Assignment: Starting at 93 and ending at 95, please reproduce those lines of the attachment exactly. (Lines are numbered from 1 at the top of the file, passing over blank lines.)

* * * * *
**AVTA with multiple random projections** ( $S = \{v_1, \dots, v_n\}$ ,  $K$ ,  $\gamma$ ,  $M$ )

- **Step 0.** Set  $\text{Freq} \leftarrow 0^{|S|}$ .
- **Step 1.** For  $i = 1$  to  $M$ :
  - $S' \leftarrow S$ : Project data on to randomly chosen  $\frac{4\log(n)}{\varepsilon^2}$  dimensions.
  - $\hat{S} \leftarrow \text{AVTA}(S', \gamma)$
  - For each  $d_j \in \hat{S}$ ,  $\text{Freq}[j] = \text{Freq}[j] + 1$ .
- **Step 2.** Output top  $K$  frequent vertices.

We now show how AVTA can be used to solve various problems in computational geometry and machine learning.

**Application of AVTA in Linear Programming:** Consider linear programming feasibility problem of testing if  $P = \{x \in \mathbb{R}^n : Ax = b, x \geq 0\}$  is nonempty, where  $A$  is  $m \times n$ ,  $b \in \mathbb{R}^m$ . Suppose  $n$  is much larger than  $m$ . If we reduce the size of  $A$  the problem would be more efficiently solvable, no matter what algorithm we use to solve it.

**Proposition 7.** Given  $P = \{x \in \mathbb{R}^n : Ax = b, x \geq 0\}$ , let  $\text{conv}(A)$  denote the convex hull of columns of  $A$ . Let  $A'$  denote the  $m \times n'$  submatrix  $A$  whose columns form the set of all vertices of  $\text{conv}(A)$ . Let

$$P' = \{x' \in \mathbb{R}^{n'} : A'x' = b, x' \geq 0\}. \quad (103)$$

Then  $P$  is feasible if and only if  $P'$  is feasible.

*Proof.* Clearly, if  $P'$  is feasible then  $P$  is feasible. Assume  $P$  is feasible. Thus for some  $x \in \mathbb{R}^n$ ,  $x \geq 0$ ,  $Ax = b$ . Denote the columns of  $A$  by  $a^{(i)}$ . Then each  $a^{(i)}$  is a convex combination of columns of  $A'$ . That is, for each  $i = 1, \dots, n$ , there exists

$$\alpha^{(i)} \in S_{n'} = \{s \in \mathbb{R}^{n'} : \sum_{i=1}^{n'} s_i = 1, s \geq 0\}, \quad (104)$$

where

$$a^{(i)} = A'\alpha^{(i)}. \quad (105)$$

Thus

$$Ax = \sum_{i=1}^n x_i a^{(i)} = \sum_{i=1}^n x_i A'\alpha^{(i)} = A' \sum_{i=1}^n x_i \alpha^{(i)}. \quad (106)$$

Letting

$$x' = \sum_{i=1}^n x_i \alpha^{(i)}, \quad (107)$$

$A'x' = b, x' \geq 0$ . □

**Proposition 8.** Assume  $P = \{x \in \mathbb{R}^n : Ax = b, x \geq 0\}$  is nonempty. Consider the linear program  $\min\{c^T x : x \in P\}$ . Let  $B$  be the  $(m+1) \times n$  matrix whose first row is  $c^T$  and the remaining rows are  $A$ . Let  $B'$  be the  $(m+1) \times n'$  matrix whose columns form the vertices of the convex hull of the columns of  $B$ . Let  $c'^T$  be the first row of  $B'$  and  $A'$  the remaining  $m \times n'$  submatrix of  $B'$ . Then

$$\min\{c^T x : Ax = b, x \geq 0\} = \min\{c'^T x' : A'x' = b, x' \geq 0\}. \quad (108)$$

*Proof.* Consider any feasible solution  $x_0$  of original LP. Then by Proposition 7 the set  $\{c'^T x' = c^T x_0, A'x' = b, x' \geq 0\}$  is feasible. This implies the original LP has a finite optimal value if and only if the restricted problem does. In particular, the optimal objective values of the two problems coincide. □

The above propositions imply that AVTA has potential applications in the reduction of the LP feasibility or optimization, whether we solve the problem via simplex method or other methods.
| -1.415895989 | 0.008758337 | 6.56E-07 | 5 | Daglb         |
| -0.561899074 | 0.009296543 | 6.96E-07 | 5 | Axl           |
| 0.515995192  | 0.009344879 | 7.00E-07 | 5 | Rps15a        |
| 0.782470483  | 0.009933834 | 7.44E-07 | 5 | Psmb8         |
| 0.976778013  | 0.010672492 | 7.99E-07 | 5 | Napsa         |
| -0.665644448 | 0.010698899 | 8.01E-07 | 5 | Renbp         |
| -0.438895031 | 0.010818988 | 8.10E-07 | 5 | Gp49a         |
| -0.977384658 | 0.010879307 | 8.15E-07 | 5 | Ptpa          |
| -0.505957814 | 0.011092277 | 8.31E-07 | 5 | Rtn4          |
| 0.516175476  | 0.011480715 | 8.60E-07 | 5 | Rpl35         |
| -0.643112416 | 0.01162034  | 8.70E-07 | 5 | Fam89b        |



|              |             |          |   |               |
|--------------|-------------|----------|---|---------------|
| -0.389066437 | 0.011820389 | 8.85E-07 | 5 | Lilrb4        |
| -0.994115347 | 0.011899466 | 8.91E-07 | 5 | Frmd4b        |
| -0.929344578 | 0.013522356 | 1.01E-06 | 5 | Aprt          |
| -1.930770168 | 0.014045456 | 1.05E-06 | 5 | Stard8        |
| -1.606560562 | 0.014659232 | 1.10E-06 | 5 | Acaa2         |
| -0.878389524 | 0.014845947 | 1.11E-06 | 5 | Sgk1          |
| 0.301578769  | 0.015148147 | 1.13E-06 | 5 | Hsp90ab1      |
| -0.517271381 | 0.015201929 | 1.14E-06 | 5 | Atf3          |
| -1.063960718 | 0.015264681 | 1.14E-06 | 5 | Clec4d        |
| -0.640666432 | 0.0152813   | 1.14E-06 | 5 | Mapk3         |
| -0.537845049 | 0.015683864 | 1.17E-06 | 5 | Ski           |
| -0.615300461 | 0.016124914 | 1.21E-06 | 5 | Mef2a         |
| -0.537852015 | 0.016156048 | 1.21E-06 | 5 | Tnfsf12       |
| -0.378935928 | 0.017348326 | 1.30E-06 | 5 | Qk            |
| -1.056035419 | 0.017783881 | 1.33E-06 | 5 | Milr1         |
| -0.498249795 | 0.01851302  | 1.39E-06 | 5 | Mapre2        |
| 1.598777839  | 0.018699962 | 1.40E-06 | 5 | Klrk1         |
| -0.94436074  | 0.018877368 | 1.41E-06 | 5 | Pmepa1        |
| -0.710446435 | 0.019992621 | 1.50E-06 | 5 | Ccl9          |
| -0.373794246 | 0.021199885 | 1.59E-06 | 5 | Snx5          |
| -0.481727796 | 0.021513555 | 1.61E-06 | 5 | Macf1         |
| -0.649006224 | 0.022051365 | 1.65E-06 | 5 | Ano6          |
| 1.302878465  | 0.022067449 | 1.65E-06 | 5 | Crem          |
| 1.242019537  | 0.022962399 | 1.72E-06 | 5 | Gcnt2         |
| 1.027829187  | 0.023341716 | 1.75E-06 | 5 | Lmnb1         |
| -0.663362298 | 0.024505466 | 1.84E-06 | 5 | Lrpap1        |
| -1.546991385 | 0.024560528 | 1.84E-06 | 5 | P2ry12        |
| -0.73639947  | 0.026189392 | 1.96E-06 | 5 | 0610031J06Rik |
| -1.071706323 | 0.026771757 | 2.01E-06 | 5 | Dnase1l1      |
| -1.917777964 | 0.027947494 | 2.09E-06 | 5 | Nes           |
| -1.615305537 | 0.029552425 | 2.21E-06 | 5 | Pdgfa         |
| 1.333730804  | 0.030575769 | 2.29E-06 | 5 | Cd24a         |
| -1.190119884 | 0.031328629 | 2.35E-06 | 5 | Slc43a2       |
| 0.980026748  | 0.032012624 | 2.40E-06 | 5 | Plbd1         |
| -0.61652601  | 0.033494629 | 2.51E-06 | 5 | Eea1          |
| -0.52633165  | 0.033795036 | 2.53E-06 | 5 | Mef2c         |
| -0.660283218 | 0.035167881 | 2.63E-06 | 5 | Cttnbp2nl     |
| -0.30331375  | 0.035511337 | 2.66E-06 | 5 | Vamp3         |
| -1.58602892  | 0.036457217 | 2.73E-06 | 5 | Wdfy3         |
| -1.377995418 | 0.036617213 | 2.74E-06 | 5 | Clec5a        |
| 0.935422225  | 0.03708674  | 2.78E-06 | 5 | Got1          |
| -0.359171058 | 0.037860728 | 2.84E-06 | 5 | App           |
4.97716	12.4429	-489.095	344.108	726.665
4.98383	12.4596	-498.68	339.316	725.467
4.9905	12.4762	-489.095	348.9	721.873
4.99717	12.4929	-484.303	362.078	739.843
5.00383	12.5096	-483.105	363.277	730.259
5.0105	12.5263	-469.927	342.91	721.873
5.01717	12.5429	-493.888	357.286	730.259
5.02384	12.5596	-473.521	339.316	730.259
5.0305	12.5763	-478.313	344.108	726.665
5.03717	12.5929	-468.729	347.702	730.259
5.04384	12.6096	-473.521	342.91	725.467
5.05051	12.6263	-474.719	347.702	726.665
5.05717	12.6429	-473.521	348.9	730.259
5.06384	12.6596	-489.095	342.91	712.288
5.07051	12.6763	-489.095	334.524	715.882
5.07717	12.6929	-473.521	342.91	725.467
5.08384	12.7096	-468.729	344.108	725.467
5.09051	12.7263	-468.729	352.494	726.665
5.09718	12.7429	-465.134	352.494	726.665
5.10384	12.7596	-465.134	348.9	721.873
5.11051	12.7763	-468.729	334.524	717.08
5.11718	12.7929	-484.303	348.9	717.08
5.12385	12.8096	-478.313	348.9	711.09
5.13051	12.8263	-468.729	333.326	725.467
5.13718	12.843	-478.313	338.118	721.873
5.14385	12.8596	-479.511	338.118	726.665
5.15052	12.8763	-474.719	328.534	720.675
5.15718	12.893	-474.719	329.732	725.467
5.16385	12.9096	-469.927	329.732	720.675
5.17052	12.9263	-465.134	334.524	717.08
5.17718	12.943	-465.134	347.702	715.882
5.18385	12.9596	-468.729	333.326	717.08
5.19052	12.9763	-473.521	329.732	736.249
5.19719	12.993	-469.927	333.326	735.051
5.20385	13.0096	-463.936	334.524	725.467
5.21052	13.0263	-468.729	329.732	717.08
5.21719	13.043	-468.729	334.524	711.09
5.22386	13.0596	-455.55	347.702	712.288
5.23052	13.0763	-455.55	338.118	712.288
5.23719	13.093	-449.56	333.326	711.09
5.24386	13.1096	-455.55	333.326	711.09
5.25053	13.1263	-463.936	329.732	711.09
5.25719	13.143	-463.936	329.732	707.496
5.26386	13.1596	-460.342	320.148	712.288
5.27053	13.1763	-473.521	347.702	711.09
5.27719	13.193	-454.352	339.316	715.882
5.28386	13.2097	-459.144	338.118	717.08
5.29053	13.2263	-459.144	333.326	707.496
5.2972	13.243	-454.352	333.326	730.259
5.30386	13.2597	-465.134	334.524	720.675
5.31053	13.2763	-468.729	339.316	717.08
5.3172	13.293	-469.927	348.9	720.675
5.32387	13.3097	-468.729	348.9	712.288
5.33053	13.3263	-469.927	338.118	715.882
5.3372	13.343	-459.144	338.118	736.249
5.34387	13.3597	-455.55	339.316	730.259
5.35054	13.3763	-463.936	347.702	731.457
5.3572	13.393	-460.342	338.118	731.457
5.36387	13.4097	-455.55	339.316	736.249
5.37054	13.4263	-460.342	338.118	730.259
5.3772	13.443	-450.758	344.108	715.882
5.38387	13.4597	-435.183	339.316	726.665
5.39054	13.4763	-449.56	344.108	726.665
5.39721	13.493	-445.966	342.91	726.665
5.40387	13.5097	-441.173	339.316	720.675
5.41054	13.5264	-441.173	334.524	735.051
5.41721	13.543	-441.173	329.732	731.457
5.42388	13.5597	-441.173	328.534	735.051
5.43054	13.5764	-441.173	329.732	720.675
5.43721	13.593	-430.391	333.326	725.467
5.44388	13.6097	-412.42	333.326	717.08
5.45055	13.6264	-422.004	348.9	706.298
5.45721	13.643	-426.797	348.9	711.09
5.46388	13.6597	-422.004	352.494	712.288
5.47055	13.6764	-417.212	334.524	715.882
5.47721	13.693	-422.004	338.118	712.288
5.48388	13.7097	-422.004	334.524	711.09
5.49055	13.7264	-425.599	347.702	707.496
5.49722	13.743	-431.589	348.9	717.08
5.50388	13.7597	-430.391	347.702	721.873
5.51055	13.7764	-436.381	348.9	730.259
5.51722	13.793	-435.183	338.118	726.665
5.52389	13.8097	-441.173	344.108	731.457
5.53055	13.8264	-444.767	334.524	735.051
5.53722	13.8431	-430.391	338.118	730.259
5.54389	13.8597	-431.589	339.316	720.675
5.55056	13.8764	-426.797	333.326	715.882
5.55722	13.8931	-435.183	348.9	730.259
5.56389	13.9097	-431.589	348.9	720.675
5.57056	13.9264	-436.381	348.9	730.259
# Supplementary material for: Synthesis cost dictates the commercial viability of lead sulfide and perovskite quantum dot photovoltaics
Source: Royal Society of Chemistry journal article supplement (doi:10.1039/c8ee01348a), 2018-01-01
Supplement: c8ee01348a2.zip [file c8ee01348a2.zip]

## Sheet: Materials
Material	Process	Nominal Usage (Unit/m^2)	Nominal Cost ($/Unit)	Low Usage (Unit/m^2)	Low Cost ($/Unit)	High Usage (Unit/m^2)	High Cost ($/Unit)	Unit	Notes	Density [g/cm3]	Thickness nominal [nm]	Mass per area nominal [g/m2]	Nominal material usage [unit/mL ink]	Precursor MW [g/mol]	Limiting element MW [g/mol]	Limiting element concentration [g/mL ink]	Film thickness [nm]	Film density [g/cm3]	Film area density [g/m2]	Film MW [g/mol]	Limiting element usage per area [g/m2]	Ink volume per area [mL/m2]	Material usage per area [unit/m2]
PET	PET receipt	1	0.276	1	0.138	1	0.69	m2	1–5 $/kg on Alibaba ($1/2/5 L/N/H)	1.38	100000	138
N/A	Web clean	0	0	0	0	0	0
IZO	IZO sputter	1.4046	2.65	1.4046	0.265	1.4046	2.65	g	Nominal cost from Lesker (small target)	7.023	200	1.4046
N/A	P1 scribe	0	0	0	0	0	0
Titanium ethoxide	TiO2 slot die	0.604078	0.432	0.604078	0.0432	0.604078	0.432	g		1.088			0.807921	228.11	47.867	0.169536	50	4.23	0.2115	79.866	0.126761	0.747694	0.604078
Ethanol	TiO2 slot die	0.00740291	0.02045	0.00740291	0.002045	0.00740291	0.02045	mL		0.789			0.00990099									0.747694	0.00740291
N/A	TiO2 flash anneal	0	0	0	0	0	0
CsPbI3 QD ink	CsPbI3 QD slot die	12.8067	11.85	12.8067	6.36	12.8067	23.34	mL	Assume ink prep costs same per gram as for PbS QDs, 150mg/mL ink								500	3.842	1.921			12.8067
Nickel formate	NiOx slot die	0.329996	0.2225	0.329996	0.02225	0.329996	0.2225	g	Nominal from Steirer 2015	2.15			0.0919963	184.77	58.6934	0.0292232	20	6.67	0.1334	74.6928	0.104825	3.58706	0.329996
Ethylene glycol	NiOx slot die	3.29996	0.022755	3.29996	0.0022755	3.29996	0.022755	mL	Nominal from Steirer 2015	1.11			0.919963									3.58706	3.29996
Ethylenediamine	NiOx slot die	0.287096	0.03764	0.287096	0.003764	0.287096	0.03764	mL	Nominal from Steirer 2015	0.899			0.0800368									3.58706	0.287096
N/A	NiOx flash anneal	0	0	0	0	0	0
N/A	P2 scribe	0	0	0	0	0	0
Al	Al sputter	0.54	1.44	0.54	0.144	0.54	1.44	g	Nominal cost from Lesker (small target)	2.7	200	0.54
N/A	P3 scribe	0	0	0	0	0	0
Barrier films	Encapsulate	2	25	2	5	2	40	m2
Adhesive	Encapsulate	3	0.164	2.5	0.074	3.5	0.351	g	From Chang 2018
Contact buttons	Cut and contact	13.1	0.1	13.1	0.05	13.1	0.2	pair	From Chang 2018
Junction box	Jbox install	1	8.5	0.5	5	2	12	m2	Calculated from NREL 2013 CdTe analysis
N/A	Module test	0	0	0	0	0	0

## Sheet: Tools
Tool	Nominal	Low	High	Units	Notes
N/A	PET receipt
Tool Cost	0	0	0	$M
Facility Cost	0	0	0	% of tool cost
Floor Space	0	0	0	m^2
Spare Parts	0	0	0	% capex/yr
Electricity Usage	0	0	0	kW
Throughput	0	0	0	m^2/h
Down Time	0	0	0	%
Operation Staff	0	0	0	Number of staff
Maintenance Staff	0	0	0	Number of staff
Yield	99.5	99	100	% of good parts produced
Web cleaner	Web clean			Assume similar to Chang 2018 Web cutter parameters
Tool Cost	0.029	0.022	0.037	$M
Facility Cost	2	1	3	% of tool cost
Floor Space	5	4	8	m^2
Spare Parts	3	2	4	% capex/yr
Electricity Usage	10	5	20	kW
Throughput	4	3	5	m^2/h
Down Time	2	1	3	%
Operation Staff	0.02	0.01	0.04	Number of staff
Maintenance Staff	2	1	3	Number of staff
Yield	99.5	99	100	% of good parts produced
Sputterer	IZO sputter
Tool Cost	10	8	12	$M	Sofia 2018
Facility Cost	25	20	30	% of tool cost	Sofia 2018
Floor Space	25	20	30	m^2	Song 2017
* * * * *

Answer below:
5.05717	12.6429	-473.521	348.9	730.259
5.06384	12.6596	-489.095	342.91	712.288
5.07051	12.6763	-489.095	334.524	715.882